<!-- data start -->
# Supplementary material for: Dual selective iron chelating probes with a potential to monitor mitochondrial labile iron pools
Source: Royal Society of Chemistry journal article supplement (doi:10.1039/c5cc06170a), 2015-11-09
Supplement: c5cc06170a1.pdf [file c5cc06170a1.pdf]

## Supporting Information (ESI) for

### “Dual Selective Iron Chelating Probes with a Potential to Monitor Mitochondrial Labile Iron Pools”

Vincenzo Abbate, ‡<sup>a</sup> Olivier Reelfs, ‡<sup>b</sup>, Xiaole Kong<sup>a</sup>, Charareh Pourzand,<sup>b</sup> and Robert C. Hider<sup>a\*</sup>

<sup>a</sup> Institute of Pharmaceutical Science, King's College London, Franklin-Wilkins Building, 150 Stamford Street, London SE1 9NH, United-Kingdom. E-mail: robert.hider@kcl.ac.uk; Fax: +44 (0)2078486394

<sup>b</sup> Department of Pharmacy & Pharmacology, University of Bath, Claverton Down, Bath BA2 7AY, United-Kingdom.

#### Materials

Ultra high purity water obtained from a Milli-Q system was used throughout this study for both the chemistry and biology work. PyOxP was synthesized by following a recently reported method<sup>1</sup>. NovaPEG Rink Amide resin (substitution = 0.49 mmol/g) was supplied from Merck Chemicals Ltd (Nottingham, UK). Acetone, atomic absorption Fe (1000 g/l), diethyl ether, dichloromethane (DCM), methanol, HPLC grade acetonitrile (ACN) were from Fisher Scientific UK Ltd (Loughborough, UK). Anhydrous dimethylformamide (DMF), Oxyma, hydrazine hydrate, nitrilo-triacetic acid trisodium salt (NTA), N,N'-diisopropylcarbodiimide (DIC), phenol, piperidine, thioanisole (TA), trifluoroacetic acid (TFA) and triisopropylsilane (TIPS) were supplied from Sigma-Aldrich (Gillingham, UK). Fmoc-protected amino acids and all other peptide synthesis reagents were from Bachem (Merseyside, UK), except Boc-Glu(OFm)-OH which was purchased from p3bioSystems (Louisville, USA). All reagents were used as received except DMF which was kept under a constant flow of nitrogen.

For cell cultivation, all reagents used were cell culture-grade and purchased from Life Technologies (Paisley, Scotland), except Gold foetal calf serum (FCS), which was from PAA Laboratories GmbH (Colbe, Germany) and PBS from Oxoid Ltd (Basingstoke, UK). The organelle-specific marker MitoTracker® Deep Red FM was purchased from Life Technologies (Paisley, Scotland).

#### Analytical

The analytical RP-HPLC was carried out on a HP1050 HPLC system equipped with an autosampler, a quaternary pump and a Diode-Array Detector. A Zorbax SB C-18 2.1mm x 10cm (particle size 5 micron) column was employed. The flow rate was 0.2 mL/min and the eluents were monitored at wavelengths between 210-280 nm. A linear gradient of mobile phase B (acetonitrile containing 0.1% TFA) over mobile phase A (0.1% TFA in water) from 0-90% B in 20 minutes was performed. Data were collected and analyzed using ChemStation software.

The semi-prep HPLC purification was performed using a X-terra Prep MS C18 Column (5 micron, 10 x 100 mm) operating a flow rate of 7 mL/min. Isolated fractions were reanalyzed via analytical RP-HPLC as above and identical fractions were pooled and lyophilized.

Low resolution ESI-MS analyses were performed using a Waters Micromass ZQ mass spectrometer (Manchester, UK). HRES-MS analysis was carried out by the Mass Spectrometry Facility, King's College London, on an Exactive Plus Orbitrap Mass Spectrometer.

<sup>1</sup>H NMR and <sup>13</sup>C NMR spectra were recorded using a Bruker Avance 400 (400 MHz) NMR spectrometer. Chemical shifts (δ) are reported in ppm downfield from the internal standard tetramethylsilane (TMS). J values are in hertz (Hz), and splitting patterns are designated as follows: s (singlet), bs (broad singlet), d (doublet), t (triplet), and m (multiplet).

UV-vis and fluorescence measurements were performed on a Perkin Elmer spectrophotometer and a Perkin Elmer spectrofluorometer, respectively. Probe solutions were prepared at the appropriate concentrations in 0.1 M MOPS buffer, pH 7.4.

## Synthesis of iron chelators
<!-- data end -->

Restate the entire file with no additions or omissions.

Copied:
# Supplementary material for: Dual selective iron chelating probes with a potential to monitor mitochondrial labile iron pools
Source: Royal Society of Chemistry journal article supplement (doi:10.1039/c5cc06170a), 2015-11-09
Supplement: c5cc06170a1.pdf [file c5cc06170a1.pdf]

## Supporting Information (ESI) for

### “Dual Selective Iron Chelating Probes with a Potential to Monitor Mitochondrial Labile Iron Pools”

Vincenzo Abbate, ‡<sup>a</sup> Olivier Reelfs, ‡<sup>b</sup>, Xiaole Kong<sup>a</sup>, Charareh Pourzand,<sup>b</sup> and Robert C. Hider<sup>a\*</sup>

<sup>a</sup> Institute of Pharmaceutical Science, King's College London, Franklin-Wilkins Building, 150 Stamford Street, London SE1 9NH, United-Kingdom. E-mail: robert.hider@kcl.ac.uk; Fax: +44 (0)2078486394

<sup>b</sup> Department of Pharmacy & Pharmacology, University of Bath, Claverton Down, Bath BA2 7AY, United-Kingdom.

#### Materials

Ultra high purity water obtained from a Milli-Q system was used throughout this study for both the chemistry and biology work. PyOxP was synthesized by following a recently reported method<sup>1</sup>. NovaPEG Rink Amide resin (substitution = 0.49 mmol/g) was supplied from Merck Chemicals Ltd (Nottingham, UK). Acetone, atomic absorption Fe (1000 g/l), diethyl ether, dichloromethane (DCM), methanol, HPLC grade acetonitrile (ACN) were from Fisher Scientific UK Ltd (Loughborough, UK). Anhydrous dimethylformamide (DMF), Oxyma, hydrazine hydrate, nitrilo-triacetic acid trisodium salt (NTA), N,N'-diisopropylcarbodiimide (DIC), phenol, piperidine, thioanisole (TA), trifluoroacetic acid (TFA) and triisopropylsilane (TIPS) were supplied from Sigma-Aldrich (Gillingham, UK). Fmoc-protected amino acids and all other peptide synthesis reagents were from Bachem (Merseyside, UK), except Boc-Glu(OFm)-OH which was purchased from p3bioSystems (Louisville, USA). All reagents were used as received except DMF which was kept under a constant flow of nitrogen.

For cell cultivation, all reagents used were cell culture-grade and purchased from Life Technologies (Paisley, Scotland), except Gold foetal calf serum (FCS), which was from PAA Laboratories GmbH (Colbe, Germany) and PBS from Oxoid Ltd (Basingstoke, UK). The organelle-specific marker MitoTracker® Deep Red FM was purchased from Life Technologies (Paisley, Scotland).

#### Analytical

The analytical RP-HPLC was carried out on a HP1050 HPLC system equipped with an autosampler, a quaternary pump and a Diode-Array Detector. A Zorbax SB C-18 2.1mm x 10cm (particle size 5 micron) column was employed. The flow rate was 0.2 mL/min and the eluents were monitored at wavelengths between 210-280 nm. A linear gradient of mobile phase B (acetonitrile containing 0.1% TFA) over mobile phase A (0.1% TFA in water) from 0-90% B in 20 minutes was performed. Data were collected and analyzed using ChemStation software.

The semi-prep HPLC purification was performed using a X-terra Prep MS C18 Column (5 micron, 10 x 100 mm) operating a flow rate of 7 mL/min. Isolated fractions were reanalyzed via analytical RP-HPLC as above and identical fractions were pooled and lyophilized.

Low resolution ESI-MS analyses were performed using a Waters Micromass ZQ mass spectrometer (Manchester, UK). HRES-MS analysis was carried out by the Mass Spectrometry Facility, King's College London, on an Exactive Plus Orbitrap Mass Spectrometer.

<sup>1</sup>H NMR and <sup>13</sup>C NMR spectra were recorded using a Bruker Avance 400 (400 MHz) NMR spectrometer. Chemical shifts (δ) are reported in ppm downfield from the internal standard tetramethylsilane (TMS). J values are in hertz (Hz), and splitting patterns are designated as follows: s (singlet), bs (broad singlet), d (doublet), t (triplet), and m (multiplet).

UV-vis and fluorescence measurements were performed on a Perkin Elmer spectrophotometer and a Perkin Elmer spectrofluorometer, respectively. Probe solutions were prepared at the appropriate concentrations in 0.1 M MOPS buffer, pH 7.4.

## Synthesis of iron chelators